Reinforcement of the staple line has been proposed as a method for preventing leaks and bleeding after LSG. Methods of reinforcement include oversewing the staple line, applying a fibrin sealant, and using a buttressing material. Several buttressing materials are available, but the most widely used are a synthetic bioabsorbable material composed of the copolymer polyglycolic acid/trimethylene carbonate (PGA/TMC) (GORE® SEAMGUARD® Bioabsorbable Staple Line Reinforcement, W.L. Gore & Associates, Elkton, MD, USA) and bovine pericardium. A recent meta-analysis found that for 55 publications (covering 6,578 patients) in which staple line buttressing practices in LSG were described, some kind of buttressing material was used in 82 % of cases and bioabsorbable buttressing material was employed in 56 % . The meta-analysis also observed that use of a bioabsorbable buttressing material reduced the leak rate from 3.2 to 2 %, although the decrease was not statistically significant. In addition, three small randomized clinical trials (n = 40 , 25 , and 40 , respectively, in each treatment arm) found no significant difference in leak rate between patients given the PGA/TMC reinforcement material and those in whom either oversewing [28, 29, 30], bovine pericardium , or no reinforcement  was used. However, the PGA/TMC group had a 0 % leak rate in one of those studies  and a significantly lower amount of blood loss (p = 0.03) in another .
In contrast to the results of these trials, a meta-analysis by Choi et al.  (covering 1,335 patients) and a 230-patient series by Daskalakis et al.  showed that use of staple line reinforcement significantly decreased the rate of postoperative leaks, hemorrhage, or both. Moreover, in a nonrandomized comparison study (118 total patients), Ser et al.  found that staple line reinforcement significantly reduced postoperative leaks (to 0 %) compared with no reinforcement (p = 0.004). Saul et al.  reported no leaks with use of the PGA/TMC reinforcement material in an LSG series at a Veterans Affairs medical center. Finally, an evaluation of the Spanish National Registry of 540 LSG procedures found that patients in whom staple line reinforcement was used had a significantly lower rate of postoperative complications (p = 0.039) and a leak rate which was half that in patients given no reinforcement (2.6 vs 5.3 %) .
Aside from staple line leaks and bleeding, issues pertaining to LSG that have been the focus of many research efforts include the optimal bougie size and distance from the pylorus at which gastric division should begin. The Spanish registry data indicated that use of a smaller bougie (32 F–36 F) was associated with better weight-loss outcomes at 1 year postoperatively, without an increase in complications . In their meta-analysis, Parikh et al.  found no significant difference between bougies smaller than 40 F and those 40 F or larger with respect to weight loss up to 1 year, but they did observe a significantly higher leak rate with smaller bougies (p = 0.0009) that was presumably related to an increase in intraluminal pressure. Gagner  noted that avoiding leaks depends on using a bougie of at least 50 F.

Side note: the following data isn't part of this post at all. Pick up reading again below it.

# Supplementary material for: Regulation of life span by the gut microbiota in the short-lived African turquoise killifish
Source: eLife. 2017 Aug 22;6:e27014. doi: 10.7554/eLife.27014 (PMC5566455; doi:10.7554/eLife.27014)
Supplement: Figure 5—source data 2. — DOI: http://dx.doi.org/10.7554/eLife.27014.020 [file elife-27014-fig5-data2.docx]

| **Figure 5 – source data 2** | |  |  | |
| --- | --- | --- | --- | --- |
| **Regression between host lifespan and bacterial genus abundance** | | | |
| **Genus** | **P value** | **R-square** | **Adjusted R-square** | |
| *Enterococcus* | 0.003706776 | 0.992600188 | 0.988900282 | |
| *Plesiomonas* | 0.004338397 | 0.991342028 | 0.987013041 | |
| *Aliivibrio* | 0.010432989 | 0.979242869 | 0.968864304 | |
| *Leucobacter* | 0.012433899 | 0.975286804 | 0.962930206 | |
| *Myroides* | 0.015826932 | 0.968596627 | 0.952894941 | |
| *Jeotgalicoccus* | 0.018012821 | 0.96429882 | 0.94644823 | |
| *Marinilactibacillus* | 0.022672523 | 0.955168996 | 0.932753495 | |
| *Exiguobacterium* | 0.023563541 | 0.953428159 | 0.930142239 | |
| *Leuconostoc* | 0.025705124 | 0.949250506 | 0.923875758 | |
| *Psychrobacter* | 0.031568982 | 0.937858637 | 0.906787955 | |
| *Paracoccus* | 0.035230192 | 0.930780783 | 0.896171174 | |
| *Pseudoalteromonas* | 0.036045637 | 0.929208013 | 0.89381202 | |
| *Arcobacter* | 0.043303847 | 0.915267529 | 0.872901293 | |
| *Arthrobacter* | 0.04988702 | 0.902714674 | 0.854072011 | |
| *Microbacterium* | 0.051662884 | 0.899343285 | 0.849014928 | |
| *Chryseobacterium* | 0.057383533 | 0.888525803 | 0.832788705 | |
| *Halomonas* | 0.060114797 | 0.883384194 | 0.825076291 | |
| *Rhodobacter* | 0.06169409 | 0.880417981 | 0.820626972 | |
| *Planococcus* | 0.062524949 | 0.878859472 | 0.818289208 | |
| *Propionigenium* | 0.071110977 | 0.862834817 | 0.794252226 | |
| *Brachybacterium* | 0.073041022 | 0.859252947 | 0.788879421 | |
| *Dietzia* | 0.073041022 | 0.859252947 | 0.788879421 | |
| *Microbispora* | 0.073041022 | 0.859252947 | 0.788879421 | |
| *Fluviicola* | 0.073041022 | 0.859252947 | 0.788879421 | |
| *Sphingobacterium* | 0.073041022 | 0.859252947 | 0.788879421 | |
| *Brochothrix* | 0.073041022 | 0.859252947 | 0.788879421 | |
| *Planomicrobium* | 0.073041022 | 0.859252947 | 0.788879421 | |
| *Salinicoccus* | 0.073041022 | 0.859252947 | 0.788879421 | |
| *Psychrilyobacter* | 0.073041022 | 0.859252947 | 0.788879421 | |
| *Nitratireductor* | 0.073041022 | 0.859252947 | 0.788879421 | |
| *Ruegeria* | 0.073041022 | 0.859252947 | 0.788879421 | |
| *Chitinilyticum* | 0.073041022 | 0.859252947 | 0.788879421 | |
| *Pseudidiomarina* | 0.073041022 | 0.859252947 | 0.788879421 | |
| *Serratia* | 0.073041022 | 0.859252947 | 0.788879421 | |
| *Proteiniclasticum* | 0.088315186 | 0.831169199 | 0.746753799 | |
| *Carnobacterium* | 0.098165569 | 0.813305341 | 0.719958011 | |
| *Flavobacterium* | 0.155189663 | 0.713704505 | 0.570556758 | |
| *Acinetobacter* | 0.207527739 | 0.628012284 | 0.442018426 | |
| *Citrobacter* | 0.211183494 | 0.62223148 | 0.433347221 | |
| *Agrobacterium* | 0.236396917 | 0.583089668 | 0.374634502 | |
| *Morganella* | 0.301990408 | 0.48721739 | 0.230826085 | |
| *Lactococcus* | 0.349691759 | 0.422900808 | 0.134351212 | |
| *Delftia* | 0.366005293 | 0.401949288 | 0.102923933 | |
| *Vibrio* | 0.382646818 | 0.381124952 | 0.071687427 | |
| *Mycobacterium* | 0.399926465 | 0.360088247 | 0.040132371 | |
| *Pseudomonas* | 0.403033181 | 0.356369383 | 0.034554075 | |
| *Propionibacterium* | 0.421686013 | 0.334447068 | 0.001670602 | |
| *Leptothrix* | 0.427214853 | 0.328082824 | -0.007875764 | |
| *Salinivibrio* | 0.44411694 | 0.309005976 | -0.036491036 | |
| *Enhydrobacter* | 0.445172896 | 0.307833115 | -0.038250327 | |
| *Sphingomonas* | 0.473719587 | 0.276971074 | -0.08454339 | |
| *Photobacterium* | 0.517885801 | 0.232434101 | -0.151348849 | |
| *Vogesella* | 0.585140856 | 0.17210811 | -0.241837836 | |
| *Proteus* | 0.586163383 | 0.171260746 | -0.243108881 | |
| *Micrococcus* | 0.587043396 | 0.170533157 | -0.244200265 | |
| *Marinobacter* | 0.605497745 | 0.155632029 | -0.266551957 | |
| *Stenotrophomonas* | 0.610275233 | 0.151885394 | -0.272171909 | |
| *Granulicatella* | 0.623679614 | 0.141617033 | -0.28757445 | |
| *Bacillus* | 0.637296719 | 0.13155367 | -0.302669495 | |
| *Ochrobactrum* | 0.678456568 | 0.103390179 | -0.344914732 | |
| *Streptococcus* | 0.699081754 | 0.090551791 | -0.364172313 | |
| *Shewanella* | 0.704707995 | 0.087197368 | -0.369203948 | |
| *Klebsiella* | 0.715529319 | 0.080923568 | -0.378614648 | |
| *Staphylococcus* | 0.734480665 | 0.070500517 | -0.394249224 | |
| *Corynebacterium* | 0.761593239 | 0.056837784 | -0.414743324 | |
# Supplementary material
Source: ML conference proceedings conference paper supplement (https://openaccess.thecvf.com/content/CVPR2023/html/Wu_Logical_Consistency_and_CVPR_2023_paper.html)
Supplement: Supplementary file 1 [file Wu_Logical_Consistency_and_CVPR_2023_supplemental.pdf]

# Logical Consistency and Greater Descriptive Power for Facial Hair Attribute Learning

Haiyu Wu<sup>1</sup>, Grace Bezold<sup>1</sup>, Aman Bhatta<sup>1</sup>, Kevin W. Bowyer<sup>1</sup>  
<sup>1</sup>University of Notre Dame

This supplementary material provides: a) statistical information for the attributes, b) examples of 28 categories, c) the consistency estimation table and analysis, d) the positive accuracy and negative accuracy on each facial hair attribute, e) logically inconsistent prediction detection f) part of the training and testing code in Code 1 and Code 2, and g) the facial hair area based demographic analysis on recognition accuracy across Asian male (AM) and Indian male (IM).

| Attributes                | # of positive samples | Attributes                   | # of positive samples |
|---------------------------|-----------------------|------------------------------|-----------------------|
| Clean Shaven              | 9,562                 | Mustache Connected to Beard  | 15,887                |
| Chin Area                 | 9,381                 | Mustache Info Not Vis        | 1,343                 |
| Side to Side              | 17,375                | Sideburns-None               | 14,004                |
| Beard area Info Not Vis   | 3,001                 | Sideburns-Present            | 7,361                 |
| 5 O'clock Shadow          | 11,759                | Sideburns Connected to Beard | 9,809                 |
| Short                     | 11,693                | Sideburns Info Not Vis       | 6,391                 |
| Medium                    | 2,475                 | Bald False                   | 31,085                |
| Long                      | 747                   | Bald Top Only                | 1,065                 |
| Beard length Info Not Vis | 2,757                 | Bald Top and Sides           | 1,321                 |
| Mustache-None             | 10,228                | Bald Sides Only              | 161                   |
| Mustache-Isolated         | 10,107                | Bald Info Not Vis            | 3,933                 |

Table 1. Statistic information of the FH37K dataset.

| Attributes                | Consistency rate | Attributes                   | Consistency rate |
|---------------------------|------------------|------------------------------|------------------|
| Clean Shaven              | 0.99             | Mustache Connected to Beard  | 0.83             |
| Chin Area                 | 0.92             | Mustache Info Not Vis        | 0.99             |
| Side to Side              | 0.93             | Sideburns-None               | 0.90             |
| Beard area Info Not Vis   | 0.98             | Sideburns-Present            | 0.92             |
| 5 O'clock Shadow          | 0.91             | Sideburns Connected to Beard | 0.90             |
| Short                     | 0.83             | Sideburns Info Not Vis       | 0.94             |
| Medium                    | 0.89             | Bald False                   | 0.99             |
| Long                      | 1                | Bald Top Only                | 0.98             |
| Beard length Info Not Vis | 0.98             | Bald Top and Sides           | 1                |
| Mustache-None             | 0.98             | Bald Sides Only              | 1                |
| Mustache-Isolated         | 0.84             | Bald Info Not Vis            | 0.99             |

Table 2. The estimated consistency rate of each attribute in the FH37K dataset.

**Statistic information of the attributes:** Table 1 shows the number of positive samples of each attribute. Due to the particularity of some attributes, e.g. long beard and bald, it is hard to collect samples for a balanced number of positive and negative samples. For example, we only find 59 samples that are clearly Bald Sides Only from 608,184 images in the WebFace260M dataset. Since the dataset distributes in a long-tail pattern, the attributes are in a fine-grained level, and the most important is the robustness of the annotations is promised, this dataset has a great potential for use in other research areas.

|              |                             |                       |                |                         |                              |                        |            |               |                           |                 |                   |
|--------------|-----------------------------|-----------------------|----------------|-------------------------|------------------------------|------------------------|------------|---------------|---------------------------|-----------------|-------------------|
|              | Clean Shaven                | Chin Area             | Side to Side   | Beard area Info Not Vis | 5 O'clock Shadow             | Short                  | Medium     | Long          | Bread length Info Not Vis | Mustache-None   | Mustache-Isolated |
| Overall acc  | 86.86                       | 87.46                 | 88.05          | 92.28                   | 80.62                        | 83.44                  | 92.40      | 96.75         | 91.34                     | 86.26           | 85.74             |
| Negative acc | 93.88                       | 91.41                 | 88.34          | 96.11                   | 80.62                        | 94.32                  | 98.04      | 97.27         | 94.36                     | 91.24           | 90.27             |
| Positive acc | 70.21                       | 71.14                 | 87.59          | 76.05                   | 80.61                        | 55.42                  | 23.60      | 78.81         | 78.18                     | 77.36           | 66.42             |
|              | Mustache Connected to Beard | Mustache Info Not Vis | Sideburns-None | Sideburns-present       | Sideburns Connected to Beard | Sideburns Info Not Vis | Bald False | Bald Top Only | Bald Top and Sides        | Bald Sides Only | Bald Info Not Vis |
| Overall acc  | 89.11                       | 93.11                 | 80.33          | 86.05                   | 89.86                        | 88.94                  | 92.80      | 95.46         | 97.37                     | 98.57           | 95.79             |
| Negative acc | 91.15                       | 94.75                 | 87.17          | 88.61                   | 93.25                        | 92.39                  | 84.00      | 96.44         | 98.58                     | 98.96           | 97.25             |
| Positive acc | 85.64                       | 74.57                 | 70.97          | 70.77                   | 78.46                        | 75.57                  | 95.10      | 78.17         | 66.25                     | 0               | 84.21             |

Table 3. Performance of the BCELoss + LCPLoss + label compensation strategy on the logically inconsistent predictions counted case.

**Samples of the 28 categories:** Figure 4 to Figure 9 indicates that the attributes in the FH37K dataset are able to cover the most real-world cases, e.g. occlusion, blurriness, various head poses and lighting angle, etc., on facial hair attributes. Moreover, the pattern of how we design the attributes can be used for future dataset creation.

The evaluation of the Spanish registry data found that beginning the gastrectomy close to the pylorus resulted in better weight loss . Bellanger and Greenway  commented that starting the resection 3 to 4 cm from the pylorus decreases the antral volume while preserving its function, thereby reducing the risk of distal stricture and proximal leaks. Others prefer to begin the resection more than 4 cm from the pylorus with the aim of preserving the gastric antrum and improving gastric emptying .
The variations in results of studies addressing staple line reinforcement, bougie size, and distance from the pylorus in LSG indicate clearly that more research on the technical aspects of the procedure is required. We describe a large (518 patients), one-center study designed to obtain new data on these issues.
All patients provided informed consent to treatment. Data was acquired from a retrospective review of the records of patients who underwent LSG at our center between September 2007 and December 2011. Preoperative patient characteristics (age, sex, weight, body mass index [BMI], comorbid conditions, and previous bariatric surgery); operative factors (operating time, concomitant procedures, and bougie size); and intraoperative and postoperative adverse events, including staple line leaks, were recorded. Patients who were lost to follow-up were included only in the assessments of surgical morbidity and immediate postoperative complications, not in the weight-loss analyses.